Tuesday, May 13, 2008

The Middle Way

Shannon and I have been vacationing with her parents on the Gulf coast of Florida. Longboat Key to be exact. Thus the paucity of recent blog activity. Vacationing at the sea inevitably brings to mind the much quoted lines from C.S Lewis: "We are half-hearted creatures, fooling about with drink and sex and ambition when infinite joy is offered us, like an ignorant child who wants to go on making mud pies in a slum because he cannot imagine what is meant by the offer of a holiday at the sea. We are far too easily pleased." (The Weight of Glory). I was also reminded that one can be literally at the sea and still miss the glory of God all around us and his manifold gifts. By a happy coincidence the Bible reading plan I use had me in Psalm 104 which made a nice counterpoint to walks on the beach, especially vv. 24-30.

While I was away I read Presbyterianism's Unique Gift: Ordained Lay Elders by Harry Hassall. By God's grace I'll soon be ordained an elder at our church and one of our former elders, who's also something of a mentor, gave me the book to read in preparation. Written as a textbook, it's a good introduction to the Reformed faith and the middle way "via media" of Presbyterianism. While all Protestants are heirs of the Reformation, Hassall lays out the view of three distinct reformations. The first reformation of Luther, was a conservative reformation that birthed Lutheranism and Anglicanism. The second reformation of Calvin and Zwingli was more extensive than Luther's and resulted in Presbyterianism/Calvinism. And then there was a radical third reformation led by the Anabaptists which rejected anything remotely resembling Catholicism, especially infant baptism, covenant theology and "Churchianity". All Protestant churches can trace their lineage back to one of these three streams of the Reformation. Although some, like my Methodist friends, mix prominent elements of all three.

Hassall shares an effective, if quaint, analogy to illustrate the three reformations. I offer it more in the way of education than advocacy. Whatever your persuasion, Christians should be familiar with the heritage that makes us what we are: Catholic, Protestant, Presbyterian, Baptist, etc. Here are "three ways of cleaning out one's sock drawer."

The Anglican/Episcopal/Lutheran way is to open the sock drawer, perhaps half way, peek in, pull out those few obvious misfits and wornouts and quickly place them in the rubbish bin; one may then review the reformation, pronounce it "done," close the drawer, and go about other tasks. This is reformation modestly done!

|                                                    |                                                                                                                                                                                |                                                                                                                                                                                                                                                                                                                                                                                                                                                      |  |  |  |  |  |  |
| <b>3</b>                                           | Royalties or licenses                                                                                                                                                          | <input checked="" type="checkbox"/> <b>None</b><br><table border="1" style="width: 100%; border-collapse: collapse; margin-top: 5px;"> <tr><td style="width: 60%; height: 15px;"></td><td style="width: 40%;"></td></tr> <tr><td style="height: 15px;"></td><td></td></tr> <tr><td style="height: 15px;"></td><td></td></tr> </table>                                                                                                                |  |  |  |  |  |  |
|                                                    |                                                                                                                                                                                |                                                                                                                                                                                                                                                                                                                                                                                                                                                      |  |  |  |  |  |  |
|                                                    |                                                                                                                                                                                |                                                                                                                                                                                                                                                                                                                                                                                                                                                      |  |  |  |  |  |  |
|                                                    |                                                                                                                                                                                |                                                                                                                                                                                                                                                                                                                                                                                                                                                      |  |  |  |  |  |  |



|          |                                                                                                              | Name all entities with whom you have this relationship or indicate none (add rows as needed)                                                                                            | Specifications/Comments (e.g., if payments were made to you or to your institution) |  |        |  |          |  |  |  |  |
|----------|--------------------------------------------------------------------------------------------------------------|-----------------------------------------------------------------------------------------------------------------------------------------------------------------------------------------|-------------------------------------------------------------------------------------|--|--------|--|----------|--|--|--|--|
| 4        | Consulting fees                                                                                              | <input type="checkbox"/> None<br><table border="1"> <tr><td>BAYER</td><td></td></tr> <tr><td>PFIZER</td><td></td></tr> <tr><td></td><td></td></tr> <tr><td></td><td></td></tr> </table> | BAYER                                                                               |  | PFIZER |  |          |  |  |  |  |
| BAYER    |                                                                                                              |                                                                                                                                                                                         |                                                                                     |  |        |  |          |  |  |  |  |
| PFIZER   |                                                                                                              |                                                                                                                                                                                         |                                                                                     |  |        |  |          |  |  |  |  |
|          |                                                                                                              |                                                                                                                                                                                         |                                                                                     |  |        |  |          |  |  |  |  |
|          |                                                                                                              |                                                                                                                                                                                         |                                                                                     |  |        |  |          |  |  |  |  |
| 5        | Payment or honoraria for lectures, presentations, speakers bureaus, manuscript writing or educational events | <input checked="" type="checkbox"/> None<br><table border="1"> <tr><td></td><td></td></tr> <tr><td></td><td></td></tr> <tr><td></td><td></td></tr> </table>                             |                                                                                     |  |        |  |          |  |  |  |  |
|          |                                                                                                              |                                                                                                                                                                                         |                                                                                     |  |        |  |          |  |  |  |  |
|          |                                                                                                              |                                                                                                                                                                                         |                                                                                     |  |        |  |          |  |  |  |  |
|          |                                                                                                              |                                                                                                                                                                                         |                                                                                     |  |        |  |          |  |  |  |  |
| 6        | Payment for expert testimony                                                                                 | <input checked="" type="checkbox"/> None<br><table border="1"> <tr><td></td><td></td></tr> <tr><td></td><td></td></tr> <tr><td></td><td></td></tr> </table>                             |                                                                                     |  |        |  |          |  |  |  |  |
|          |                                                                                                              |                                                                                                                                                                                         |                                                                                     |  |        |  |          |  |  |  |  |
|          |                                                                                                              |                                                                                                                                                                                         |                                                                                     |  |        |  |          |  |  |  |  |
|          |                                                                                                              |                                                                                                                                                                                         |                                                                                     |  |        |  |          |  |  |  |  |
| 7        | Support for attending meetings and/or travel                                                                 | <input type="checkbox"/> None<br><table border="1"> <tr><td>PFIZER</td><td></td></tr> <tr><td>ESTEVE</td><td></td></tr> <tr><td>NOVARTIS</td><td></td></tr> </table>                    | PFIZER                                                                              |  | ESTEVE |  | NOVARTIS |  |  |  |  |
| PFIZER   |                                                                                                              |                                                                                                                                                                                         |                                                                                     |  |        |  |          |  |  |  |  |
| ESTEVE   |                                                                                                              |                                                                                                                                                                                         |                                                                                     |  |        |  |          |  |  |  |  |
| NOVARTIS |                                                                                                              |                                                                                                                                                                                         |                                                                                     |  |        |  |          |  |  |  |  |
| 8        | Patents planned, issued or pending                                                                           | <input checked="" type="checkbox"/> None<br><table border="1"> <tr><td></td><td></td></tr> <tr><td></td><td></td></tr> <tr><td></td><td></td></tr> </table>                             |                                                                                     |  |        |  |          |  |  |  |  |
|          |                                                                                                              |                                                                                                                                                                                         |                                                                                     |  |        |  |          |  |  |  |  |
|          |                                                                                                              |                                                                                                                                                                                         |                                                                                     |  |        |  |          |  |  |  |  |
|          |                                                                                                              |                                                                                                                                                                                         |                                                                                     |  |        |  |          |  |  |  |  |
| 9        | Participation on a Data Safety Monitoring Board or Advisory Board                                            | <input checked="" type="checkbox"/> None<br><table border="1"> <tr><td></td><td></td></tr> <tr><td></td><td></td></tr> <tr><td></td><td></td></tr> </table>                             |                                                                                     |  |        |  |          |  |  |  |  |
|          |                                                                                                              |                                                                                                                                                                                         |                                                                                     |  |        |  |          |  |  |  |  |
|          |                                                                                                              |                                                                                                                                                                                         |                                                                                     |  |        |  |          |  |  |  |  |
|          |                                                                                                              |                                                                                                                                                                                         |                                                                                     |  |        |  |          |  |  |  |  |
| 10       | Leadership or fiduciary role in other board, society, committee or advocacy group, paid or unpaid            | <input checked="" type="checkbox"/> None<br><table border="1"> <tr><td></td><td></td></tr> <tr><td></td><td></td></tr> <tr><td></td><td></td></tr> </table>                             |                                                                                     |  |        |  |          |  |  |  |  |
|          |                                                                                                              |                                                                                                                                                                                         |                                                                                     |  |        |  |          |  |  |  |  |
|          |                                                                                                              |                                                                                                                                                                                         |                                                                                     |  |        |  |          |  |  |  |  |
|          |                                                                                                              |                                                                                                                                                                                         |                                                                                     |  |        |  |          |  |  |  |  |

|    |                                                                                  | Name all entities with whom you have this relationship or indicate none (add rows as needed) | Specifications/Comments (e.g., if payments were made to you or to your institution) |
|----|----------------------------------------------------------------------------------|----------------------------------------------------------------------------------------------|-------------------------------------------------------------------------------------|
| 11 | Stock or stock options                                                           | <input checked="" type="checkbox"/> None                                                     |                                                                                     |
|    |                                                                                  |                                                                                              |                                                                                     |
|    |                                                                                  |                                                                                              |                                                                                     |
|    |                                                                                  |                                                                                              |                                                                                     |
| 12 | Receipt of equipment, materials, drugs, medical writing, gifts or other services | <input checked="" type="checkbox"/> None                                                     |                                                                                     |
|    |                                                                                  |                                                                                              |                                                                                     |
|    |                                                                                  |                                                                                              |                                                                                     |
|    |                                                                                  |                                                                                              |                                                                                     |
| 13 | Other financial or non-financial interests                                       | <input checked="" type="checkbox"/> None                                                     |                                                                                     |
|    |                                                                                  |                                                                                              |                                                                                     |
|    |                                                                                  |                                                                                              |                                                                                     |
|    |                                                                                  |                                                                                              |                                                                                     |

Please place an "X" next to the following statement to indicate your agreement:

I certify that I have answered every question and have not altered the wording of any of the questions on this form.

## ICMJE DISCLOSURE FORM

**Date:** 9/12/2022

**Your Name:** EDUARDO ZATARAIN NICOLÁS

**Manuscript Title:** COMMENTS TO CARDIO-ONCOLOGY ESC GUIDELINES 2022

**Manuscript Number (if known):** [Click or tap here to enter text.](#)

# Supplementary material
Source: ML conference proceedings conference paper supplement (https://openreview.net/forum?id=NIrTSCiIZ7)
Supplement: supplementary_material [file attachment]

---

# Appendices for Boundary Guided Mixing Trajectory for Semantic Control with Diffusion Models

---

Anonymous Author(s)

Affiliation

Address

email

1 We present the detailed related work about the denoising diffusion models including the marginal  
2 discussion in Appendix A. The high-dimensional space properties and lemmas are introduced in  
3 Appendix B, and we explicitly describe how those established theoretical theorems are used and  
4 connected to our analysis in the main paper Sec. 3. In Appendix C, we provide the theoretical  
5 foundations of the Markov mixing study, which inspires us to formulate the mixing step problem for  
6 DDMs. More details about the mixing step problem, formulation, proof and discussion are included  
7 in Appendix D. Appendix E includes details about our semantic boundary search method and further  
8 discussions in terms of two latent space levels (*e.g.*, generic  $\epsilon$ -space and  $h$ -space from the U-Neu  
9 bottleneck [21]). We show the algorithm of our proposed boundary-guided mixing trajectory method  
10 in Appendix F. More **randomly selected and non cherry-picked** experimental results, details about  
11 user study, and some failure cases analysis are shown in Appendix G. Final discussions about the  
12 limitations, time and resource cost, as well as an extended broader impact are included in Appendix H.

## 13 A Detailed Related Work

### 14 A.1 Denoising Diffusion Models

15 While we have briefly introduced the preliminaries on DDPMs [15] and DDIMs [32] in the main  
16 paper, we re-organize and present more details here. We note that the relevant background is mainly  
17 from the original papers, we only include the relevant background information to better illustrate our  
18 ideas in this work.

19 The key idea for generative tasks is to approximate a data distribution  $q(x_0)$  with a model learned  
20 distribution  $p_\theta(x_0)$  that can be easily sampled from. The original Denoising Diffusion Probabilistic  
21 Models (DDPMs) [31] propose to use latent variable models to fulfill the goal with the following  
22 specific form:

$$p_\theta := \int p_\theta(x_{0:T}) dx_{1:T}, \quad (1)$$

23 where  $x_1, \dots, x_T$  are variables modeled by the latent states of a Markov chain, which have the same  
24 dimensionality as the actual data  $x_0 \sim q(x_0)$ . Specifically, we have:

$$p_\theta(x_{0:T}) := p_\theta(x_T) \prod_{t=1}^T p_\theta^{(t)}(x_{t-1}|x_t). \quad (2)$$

The Presbyterian/Reformed/Calvinist, on the other hand, moves to the task with dispatch and determination, completely removing the sock drawer, turning it totally upside down on the bed; this reformer places a new paper liner in the drawer and then meticulously selects only the best and most useable socks in pairs to return to this "thoroughgoingly reformed" drawer, leaving all "questionables" out for immediate discard; the job has been done; only those items of which there is no doubt have been allowed to remain. This job has been well-reformed!

Finally, the Anabaptist/Baptist/Church of Christ approaches the same task with little enthusiasm; the reformer opens the sock drawer and with disgust on his face he calls a neighbor and together they haul the entire chest of drawers out of the house to the alley for city trash to pick up, for in that sock drawer there was little to reform and a great deal to discard!

I spent most of my life a product of the third way, flirted with the first, and am now happily part of the "middle way". Perhaps it's only a coincidence that the second approach is also the one I'd use to clean out my sock drawer, and my t-shirt drawer, and my sweater drawer...

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